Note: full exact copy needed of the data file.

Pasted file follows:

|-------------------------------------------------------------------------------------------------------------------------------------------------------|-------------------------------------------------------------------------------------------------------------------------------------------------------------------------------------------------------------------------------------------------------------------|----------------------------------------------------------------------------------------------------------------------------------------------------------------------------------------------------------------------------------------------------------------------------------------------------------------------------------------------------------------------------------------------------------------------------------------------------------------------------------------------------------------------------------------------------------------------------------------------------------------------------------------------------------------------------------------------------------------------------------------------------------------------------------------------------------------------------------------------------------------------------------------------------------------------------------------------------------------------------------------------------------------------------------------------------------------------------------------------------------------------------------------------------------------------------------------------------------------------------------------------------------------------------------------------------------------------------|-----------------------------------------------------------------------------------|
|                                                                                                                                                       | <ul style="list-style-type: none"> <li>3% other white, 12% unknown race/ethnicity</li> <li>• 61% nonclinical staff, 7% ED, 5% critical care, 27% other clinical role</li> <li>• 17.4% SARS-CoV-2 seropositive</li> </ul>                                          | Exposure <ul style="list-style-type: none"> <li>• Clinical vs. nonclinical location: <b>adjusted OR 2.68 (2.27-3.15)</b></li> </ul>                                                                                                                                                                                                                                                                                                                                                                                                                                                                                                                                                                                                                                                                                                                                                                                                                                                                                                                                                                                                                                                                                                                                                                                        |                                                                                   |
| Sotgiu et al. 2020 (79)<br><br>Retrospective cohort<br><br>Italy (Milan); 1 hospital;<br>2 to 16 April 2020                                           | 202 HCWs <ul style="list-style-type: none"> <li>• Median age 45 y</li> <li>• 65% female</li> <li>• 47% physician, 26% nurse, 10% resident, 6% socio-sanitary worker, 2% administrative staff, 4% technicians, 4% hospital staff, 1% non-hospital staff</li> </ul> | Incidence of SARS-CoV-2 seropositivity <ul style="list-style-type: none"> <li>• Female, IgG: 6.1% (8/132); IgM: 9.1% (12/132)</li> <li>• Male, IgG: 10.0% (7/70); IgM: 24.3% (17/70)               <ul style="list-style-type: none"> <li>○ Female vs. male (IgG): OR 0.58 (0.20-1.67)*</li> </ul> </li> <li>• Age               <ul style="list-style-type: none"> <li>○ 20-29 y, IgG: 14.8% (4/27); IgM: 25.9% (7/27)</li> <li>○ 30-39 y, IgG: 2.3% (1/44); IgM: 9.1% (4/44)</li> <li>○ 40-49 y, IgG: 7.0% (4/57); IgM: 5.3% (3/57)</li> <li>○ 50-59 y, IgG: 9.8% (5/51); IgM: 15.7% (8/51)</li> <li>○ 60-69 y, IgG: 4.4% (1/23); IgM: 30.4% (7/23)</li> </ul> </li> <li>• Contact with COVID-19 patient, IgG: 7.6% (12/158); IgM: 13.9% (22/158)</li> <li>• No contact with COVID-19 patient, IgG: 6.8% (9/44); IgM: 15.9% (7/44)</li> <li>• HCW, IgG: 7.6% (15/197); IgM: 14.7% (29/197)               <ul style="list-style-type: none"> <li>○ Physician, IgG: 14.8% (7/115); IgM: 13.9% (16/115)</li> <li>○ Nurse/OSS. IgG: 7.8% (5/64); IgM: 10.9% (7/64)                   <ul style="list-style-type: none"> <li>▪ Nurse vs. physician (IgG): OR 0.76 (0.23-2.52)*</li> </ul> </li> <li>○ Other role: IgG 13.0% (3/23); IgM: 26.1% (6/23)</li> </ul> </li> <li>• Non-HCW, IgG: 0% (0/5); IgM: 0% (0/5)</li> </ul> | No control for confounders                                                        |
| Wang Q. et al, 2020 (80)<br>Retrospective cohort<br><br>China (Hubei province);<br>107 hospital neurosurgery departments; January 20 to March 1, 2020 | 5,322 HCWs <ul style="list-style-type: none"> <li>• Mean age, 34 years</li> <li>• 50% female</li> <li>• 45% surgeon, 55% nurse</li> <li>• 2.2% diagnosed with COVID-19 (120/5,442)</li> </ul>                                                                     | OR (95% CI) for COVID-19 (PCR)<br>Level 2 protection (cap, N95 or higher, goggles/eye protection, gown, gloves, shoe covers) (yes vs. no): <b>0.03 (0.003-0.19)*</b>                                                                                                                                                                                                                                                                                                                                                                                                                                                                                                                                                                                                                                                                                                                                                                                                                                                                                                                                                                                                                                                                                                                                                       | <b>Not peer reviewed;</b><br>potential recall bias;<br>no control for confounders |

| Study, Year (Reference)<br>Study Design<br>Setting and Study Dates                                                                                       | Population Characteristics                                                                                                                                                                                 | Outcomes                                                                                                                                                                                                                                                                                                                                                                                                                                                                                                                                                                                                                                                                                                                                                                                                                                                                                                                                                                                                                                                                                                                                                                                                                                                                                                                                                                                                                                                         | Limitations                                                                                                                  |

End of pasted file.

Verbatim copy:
|-------------------------------------------------------------------------------------------------------------------------------------------------------|-------------------------------------------------------------------------------------------------------------------------------------------------------------------------------------------------------------------------------------------------------------------|----------------------------------------------------------------------------------------------------------------------------------------------------------------------------------------------------------------------------------------------------------------------------------------------------------------------------------------------------------------------------------------------------------------------------------------------------------------------------------------------------------------------------------------------------------------------------------------------------------------------------------------------------------------------------------------------------------------------------------------------------------------------------------------------------------------------------------------------------------------------------------------------------------------------------------------------------------------------------------------------------------------------------------------------------------------------------------------------------------------------------------------------------------------------------------------------------------------------------------------------------------------------------------------------------------------------------|-----------------------------------------------------------------------------------|
|                                                                                                                                                       | <ul style="list-style-type: none"> <li>3% other white, 12% unknown race/ethnicity</li> <li>• 61% nonclinical staff, 7% ED, 5% critical care, 27% other clinical role</li> <li>• 17.4% SARS-CoV-2 seropositive</li> </ul>                                          | Exposure <ul style="list-style-type: none"> <li>• Clinical vs. nonclinical location: <b>adjusted OR 2.68 (2.27-3.15)</b></li> </ul>                                                                                                                                                                                                                                                                                                                                                                                                                                                                                                                                                                                                                                                                                                                                                                                                                                                                                                                                                                                                                                                                                                                                                                                        |                                                                                   |
| Sotgiu et al. 2020 (79)<br><br>Retrospective cohort<br><br>Italy (Milan); 1 hospital;<br>2 to 16 April 2020                                           | 202 HCWs <ul style="list-style-type: none"> <li>• Median age 45 y</li> <li>• 65% female</li> <li>• 47% physician, 26% nurse, 10% resident, 6% socio-sanitary worker, 2% administrative staff, 4% technicians, 4% hospital staff, 1% non-hospital staff</li> </ul> | Incidence of SARS-CoV-2 seropositivity <ul style="list-style-type: none"> <li>• Female, IgG: 6.1% (8/132); IgM: 9.1% (12/132)</li> <li>• Male, IgG: 10.0% (7/70); IgM: 24.3% (17/70)               <ul style="list-style-type: none"> <li>○ Female vs. male (IgG): OR 0.58 (0.20-1.67)*</li> </ul> </li> <li>• Age               <ul style="list-style-type: none"> <li>○ 20-29 y, IgG: 14.8% (4/27); IgM: 25.9% (7/27)</li> <li>○ 30-39 y, IgG: 2.3% (1/44); IgM: 9.1% (4/44)</li> <li>○ 40-49 y, IgG: 7.0% (4/57); IgM: 5.3% (3/57)</li> <li>○ 50-59 y, IgG: 9.8% (5/51); IgM: 15.7% (8/51)</li> <li>○ 60-69 y, IgG: 4.4% (1/23); IgM: 30.4% (7/23)</li> </ul> </li> <li>• Contact with COVID-19 patient, IgG: 7.6% (12/158); IgM: 13.9% (22/158)</li> <li>• No contact with COVID-19 patient, IgG: 6.8% (9/44); IgM: 15.9% (7/44)</li> <li>• HCW, IgG: 7.6% (15/197); IgM: 14.7% (29/197)               <ul style="list-style-type: none"> <li>○ Physician, IgG: 14.8% (7/115); IgM: 13.9% (16/115)</li> <li>○ Nurse/OSS. IgG: 7.8% (5/64); IgM: 10.9% (7/64)                   <ul style="list-style-type: none"> <li>▪ Nurse vs. physician (IgG): OR 0.76 (0.23-2.52)*</li> </ul> </li> <li>○ Other role: IgG 13.0% (3/23); IgM: 26.1% (6/23)</li> </ul> </li> <li>• Non-HCW, IgG: 0% (0/5); IgM: 0% (0/5)</li> </ul> | No control for confounders                                                        |
| Wang Q. et al, 2020 (80)<br>Retrospective cohort<br><br>China (Hubei province);<br>107 hospital neurosurgery departments; January 20 to March 1, 2020 | 5,322 HCWs <ul style="list-style-type: none"> <li>• Mean age, 34 years</li> <li>• 50% female</li> <li>• 45% surgeon, 55% nurse</li> <li>• 2.2% diagnosed with COVID-19 (120/5,442)</li> </ul>                                                                     | OR (95% CI) for COVID-19 (PCR)<br>Level 2 protection (cap, N95 or higher, goggles/eye protection, gown, gloves, shoe covers) (yes vs. no): <b>0.03 (0.003-0.19)*</b>                                                                                                                                                                                                                                                                                                                                                                                                                                                                                                                                                                                                                                                                                                                                                                                                                                                                                                                                                                                                                                                                                                                                                       | <b>Not peer reviewed;</b><br>potential recall bias;<br>no control for confounders |

| Study, Year (Reference)<br>Study Design<br>Setting and Study Dates                                                                                       | Population Characteristics                                                                                                                                                                                 | Outcomes                                                                                                                                                                                                                                                                                                                                                                                                                                                                                                                                                                                                                                                                                                                                                                                                                                                                                                                                                                                                                                                                                                                                                                                                                                                                                                                                                                                                                                                         | Limitations                                                                                                                  |